In class this week we sing “Thinantsha,” an anti-Apartheid anthem. I sing the song alone in this video, but the version we recorded for All Around This World: Africa is multi-part Zulu harmony reminiscent of a church choir. I first heard “Thinantsha” — “We are the Youth!” on the Smithsonian Folkways CD “This Land is Mine: South African Freedom Songs” as a 1965 performance by South African exiles living in Tanzania, marking their defiance of the Afrikaner government and their determination to succeed in their struggle for equality. The anti-Apartheid forces certainly proved their persistence; Apartheid did not end until the early 1990s.
Tag Archives | South Africa
Many South African church choirs, like the “UniZulu” choir in this video, sing exuberant harmonies. The style of singing blends buoyantly with harmonies that are also at the heart of non-religious South African musical genres, like “Isicathamiya,” which developed in the early 20th century in the gold and diamond mines as a way for miners to communicate with each other through rhythmic stomps, claps and codes.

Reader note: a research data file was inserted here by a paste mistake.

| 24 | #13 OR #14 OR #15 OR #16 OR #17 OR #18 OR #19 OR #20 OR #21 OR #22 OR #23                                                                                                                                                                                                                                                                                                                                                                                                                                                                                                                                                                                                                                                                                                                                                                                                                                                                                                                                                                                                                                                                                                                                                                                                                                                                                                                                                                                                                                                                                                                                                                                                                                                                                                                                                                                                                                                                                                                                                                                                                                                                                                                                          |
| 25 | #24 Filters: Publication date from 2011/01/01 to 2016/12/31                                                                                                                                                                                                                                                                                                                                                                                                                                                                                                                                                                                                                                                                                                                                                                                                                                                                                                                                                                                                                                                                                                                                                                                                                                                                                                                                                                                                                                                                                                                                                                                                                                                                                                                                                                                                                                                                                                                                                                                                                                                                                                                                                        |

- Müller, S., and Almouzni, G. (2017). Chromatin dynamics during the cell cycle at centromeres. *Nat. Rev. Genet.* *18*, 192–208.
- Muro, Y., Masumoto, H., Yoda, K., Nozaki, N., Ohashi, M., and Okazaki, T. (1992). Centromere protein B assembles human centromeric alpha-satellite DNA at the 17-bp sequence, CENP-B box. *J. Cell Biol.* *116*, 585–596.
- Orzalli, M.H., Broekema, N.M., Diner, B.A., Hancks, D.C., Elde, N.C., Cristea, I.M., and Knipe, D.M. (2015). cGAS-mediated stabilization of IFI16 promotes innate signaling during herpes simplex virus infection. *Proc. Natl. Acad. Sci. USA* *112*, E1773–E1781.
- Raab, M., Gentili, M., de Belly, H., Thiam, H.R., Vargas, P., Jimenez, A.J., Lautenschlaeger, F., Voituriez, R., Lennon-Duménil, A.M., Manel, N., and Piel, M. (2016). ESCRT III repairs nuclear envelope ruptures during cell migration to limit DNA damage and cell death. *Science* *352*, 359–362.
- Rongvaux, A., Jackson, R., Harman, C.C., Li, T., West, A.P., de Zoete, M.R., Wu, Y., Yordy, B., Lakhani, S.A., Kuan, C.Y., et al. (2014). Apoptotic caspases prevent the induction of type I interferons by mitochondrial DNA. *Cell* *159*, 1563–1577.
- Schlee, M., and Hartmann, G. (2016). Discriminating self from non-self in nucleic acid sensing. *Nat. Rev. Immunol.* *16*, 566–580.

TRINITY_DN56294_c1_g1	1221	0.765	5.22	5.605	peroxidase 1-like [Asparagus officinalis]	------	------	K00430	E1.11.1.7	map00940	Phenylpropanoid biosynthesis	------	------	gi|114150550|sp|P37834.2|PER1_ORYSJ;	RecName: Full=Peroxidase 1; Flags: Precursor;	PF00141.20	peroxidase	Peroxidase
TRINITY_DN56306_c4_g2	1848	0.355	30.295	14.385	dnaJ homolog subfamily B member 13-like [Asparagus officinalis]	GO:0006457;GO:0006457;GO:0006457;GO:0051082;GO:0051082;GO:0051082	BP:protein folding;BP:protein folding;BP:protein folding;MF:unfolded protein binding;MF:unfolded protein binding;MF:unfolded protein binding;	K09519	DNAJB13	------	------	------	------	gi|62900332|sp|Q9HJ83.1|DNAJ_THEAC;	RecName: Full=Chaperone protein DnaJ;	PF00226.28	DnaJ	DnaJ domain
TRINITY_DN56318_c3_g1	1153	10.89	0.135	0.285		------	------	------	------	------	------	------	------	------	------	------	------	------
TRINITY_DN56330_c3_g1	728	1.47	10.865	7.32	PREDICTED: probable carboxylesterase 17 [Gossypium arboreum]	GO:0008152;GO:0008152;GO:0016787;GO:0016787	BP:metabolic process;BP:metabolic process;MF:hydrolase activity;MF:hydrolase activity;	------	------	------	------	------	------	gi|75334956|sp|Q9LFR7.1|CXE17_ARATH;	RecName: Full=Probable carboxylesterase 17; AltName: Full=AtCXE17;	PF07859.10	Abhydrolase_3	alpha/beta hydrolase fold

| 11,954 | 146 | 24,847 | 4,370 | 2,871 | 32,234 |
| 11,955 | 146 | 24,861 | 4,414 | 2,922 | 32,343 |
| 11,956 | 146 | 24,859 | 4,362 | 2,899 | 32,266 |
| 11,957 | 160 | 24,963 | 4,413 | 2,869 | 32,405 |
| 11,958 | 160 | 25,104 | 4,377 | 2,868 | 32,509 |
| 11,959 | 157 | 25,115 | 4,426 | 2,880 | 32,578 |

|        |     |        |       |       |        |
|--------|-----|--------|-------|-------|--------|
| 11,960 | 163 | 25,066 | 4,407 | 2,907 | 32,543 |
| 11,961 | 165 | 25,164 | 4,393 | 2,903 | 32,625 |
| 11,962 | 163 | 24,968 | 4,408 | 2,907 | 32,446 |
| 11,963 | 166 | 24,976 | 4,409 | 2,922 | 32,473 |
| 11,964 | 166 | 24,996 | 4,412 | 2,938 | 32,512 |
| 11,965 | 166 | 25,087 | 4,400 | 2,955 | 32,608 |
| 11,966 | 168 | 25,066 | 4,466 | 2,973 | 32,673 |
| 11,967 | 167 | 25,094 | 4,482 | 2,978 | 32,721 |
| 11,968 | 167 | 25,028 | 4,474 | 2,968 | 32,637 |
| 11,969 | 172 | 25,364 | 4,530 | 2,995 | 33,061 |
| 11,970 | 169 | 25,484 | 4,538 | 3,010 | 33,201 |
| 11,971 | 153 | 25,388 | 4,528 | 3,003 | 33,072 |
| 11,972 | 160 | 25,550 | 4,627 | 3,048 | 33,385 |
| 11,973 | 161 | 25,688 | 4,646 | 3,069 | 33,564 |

South African diamond and gold miners sang to keep rhythm with their tedious work, to communicate through stomps and clapping code and ease their struggles through terrible times. In this video we hear “Shosoloza,” a South African/Zimbabwean mine work song. The word “Shosoloza” means “hope” in the Zimbabwean language of Ndebele. (More about Shosoloza.)